A really unique competition was recently held in the skies of Spain. Sky Challenge was a race between two real planes and a virtual one organized by New Zealand based Air Sports Ltd. and the Geospatial Research Centre (GRC), a New Zealand based company which is a joint venture between the University of Nottingham, the University of Canterbury, and Canterbury Development Corporation. This air race in the skies 'saw two stunt pilots battle it out with a virtual plane which they watched on screens in their cockpits' at 250 miles per hour. And guess what? The young Spanish Internet pilot finished only 1.5 seconds after a real pilot rated as #4 in the world of aerobatic competitions. But read more...
You can see above images from the Sky Challenge race. The main part shows the "planes flying through virtual doughnuts" while the two small insets show the Internet pilot and one of the real ones in action, one on the ground, the other in the air. (Credit: Sky Challenge)
Let's look at how the competition was organized. "The 'virtual' aircraft was piloted by a computer-gamer who never left the ground, but could likewise see the relative location of the real planes on his own computer screens as the trio swooped around each other during the 'Sky Challenge' race. The event could pave the way for massive online competitions, and also demonstrates the power and scope of the very latest in GPS and related systems."
The technology which made this race possible was developed by the Geospatial Research Centre (GRC) and combines satellite navigation technology (GPS, or global positioning system) and inertial navigation system technology (INS). Here is a quote from Dr David Park, CEO of GRC. "We've been involved with the development of Sky Challenge since July 2007. Our role has been to develop a technology solution that can provide the position and orientation of each of the real aircraft, in real time. The high G-forces and extreme manoeuvres of the racing aerobatic aircraft make this a very challenging technical and operational problem. GRC is developing a solution for providing the position and orientation of the aircraft using a combination of satellite navigation and INS technology. The INS constantly tracks the position and orientation of the aircraft, while GPS signals are used to correct the INS errors -- although getting a GPS signal is not always easy as the aircraft twists and turns through the sky."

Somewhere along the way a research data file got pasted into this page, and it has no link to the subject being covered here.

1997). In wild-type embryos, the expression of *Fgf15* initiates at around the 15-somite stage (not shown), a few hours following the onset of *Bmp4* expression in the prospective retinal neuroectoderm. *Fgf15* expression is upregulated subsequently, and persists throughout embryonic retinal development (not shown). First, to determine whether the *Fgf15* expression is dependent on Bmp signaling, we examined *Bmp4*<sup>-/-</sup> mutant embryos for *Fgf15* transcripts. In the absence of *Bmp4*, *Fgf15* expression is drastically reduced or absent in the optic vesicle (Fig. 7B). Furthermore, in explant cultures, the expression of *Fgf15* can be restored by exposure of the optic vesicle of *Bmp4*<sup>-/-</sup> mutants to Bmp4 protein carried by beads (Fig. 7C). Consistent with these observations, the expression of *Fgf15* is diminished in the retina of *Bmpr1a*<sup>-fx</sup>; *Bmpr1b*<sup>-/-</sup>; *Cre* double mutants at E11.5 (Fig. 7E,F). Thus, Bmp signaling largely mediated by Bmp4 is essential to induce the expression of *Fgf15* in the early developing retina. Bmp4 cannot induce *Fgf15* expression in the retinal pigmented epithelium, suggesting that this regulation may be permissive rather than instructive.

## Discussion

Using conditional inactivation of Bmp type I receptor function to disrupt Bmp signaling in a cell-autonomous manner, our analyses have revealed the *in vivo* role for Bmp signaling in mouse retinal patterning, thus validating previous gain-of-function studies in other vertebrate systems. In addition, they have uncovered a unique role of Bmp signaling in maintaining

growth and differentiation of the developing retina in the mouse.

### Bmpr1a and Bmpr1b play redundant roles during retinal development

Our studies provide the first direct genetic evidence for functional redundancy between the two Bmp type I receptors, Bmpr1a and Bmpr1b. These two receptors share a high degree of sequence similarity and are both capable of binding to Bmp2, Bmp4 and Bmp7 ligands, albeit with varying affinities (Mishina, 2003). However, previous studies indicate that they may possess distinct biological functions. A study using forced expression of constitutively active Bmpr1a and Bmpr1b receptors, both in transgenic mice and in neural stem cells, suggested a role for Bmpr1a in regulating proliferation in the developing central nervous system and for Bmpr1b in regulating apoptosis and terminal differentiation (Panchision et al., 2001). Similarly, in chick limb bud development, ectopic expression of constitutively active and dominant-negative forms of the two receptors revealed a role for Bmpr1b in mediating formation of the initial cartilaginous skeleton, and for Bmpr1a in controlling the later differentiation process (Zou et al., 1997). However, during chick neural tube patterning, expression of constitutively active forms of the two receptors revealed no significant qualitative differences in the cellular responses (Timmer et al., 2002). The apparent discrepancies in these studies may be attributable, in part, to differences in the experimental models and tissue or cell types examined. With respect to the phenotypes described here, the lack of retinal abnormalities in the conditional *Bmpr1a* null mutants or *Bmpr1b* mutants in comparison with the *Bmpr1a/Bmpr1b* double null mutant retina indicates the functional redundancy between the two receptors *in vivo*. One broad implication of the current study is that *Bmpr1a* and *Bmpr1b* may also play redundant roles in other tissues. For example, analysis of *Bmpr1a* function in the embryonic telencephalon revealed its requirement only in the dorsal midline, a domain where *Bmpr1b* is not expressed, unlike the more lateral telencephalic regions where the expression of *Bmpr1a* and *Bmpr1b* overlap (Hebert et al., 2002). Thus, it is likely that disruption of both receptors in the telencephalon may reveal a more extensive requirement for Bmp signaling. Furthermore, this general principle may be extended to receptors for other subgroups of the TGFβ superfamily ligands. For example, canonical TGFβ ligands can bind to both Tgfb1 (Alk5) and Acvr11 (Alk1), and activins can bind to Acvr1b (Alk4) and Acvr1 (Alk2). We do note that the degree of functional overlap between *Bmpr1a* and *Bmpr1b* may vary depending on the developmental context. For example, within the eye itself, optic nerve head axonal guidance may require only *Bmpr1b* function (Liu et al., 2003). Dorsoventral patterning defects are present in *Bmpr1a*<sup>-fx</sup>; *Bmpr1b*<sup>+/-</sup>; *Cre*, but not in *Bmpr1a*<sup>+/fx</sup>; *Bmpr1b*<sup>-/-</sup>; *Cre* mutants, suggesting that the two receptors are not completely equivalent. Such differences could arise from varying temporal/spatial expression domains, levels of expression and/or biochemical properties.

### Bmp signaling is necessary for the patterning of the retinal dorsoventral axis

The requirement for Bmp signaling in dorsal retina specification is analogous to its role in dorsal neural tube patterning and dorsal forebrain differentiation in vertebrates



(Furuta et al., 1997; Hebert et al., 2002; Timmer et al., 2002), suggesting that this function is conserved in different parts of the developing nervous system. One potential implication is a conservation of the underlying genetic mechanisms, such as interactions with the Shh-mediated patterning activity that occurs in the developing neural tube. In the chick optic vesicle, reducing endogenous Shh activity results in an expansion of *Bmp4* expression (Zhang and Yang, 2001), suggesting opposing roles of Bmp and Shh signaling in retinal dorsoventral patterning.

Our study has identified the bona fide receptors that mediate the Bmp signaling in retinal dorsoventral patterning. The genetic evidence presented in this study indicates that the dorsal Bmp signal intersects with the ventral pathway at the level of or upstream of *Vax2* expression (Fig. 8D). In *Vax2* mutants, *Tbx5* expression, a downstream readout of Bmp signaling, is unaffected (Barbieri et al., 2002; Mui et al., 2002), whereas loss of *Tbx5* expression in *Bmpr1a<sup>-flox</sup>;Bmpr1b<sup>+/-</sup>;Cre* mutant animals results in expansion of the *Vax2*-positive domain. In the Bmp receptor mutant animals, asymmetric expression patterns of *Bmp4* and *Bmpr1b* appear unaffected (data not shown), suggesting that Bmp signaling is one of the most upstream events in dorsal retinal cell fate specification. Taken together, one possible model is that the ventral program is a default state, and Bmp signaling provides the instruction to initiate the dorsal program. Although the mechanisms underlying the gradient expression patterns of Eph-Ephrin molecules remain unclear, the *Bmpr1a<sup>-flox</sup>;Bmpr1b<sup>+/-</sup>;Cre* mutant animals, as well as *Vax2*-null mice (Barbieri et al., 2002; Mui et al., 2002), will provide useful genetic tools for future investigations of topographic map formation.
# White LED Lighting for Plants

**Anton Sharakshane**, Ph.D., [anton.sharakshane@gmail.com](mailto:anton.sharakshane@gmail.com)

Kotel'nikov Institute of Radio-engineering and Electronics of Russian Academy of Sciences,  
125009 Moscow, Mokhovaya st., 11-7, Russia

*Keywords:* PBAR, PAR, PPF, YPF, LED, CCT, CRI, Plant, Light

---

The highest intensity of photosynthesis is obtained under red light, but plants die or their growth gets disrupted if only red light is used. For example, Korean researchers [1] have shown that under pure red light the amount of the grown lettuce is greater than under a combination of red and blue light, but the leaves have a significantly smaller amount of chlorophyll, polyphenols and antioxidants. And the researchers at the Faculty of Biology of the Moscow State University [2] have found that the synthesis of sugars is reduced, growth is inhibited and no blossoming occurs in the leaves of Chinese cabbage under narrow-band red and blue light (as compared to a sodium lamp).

For more information, you also should read a recent BBC News article by Andrew Webb, "Virtual planes fly in real skies" (October 3, 2008). Here is a short quote from Dr Chris Hide, Senior Research Scientist at GRC. "GPS isn't good enough in an aerobatic aircraft. When it goes upside down and accelerates very quickly it's a very difficult environment to receive GPS signals, so we have to integrate INS."
Finally, here are two links to short movies about this race. The first one is available from the BBC article mentioned above (2 minutes and 13 seconds) and the above image has been extracted from this video. A longer movie is available from the Sky Challenge website (7 minutes and 25 seconds).
Sources: Tim Utton, University of Nottingham News, October 17, 2008; and various websites
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